How we can stop COVID-19 from hurting the government’s response to wildfires


Drishti Upadhyaya

COVID-19 has caused the government to lax its restrictions on firefighters, with early effects seen on the Florida wildfires already.

Springtime is usually the time when firefighters inspect and reduce brush that can fuel fires in summer and fall. But the novel coronavirus has halted such activities, and many more things firefighters do to help mitigate the effects of wildfires have also been stopped. 

According to the New York Times, the same organizations used to fight wildfires are now being used to respond to the COVID-19 crisis, diverting attention away from wildfires, and “preseason meetings, where fire teams get together to share information and prepare for the upcoming fire season, have been canceled.” 

According to the San Francisco Chronicle, the coronavirus pandemic has prompted “fire agencies across the West to cancel or delay programs aimed at preventing catastrophic wildfire.” According to NPR, the Los Angeles firefighting department has cancelled all of their training sessions as they involve people gathering together in large groups. According to the Los Angeles Times, “the outbreak [of COVID-19] has already forced departments to put large training exercises on hold, cancel controlled burns and delay inspections of fire-prone properties in Los Angeles.”

This is not just confined to California. According to the New York Times, the Center Coordinator for the Northwest Interagency Coordinating Center, which coordinates wildfire response in Oregon and Washington, cancelled their meeting “at which more than 300 people were expected.”

If government agencies don’t find a way to effectively train firefighters to prevent the spread of wildfires while at the same time preventing the spread of COVID-19, the wildfire season may be far more deadlier in 2020. For example, the SF Chronicle said “The U.S. Forest Service, which oversees more than half of California’s wildlands, announced last week that it was suspending all prescribed burns, one of the most effective tools for increasing California’s resiliency to fire.” With actions that were most effective in previous years curbed in order to stop the spread of COVID-19, new solutions need to be thought of and implemented, quickly. 

Additionally, with climate change becoming a bigger problem in recent years, wildfires are expected to increase in number, so with more fires expected to hit places in increased quantities over the next few years, it is imperative that we continue to maintain the quality of our fire response systems. 

“The ‘season’ of fires is becoming longer due to the shifts in climate, and some places are repeatedly being devastated by fires in short periods of time with little chance for recovery in between,” said AP Environmental Science teacher Annie Nguyen.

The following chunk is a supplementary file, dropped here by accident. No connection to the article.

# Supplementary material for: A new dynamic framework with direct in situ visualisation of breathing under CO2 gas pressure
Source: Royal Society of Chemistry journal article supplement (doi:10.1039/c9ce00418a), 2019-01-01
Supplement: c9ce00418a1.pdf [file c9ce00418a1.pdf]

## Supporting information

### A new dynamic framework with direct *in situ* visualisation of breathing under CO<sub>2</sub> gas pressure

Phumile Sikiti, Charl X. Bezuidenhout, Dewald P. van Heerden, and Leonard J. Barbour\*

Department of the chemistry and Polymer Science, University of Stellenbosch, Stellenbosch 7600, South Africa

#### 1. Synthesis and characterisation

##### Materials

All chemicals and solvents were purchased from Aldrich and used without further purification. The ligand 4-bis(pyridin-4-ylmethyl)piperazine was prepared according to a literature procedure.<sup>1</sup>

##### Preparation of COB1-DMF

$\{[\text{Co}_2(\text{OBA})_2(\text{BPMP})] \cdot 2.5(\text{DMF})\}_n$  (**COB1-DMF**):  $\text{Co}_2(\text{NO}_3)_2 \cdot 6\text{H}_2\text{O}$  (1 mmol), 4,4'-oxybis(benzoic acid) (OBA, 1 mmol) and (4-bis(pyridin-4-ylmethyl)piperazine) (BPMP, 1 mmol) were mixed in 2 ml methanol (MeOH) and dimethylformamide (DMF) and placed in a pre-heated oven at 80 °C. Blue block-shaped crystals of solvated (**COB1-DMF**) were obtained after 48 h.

The recent wildfires in Florida have already proven the dangerous consequences behind not maintaining the quality of fire departments. 1600 people were forced to evacuate their homes and were put into either shelters or hotels to lower the spread of COVID-19 and 18 homes burned down. A portion of Interstate 10 was also closed.

“[The Florida wildfires] also had an impact on native species,” said Apritha Parthasarathy, president of National Green Schools Society, an environmental club on campus. “In addition, the smoke caused by the fires pollutes the air and water species need to survive and could cause the local species to become threatened or extinct.” 

“Natural habitats have been lost and the organisms that have been displaced are potentially now seeking refuge in cities,” said Nguyen. “Air quality is dramatically impacted with the severe amount of smoke, soot, and ash that are released.”

The Florida wildfires destroyed 2000 acres, significantly less than the amount of land destroyed by the Amazon fires (2 million acres) and the Australian bushfires (46 million acres), but they are still “equally as important,” said Parthasarathy.

While all of these statistics are much less than other wildfires (such as the 2018 Camp Fire in California), as Florida only experiences wildfires every five years according to St. Johns County Emergency Management, the fact that a state which rarely experiences wildfires experienced one to this magnitude is a major problem, and points to the holes in firefighters’ wildfire training this spring. 

As wildfires similar to the Florida wildfires continue to increase in quantity over the last few years due to climate change, the importance of keeping the quality of our firefighting department at a high level has never been greater. If we want to prevent another wildfire like the Florida wildfires from occurring in the United States over the next year, then drastic and different measures need to be taken that would make up for the wildfire-preventing activities unable to be done during the spring. 

If we want to more effectively fight wildfires while still keeping our firefighters safe, the government needs to continue the training they give firefighters in a regular year while also discussing ways to fight fires effectively while socially distancing to protect the health of firefighters. Only then can we help mitigate the effects of wildfires in an age of coronavirus.

“Hopefully, just like the species that have evolved to be fire-resistant and even fire-dependent, we as humans can at least respond to these events with better environmental controls to reduce fire risks and prevent further loss of life and habitats,” said Nguyen.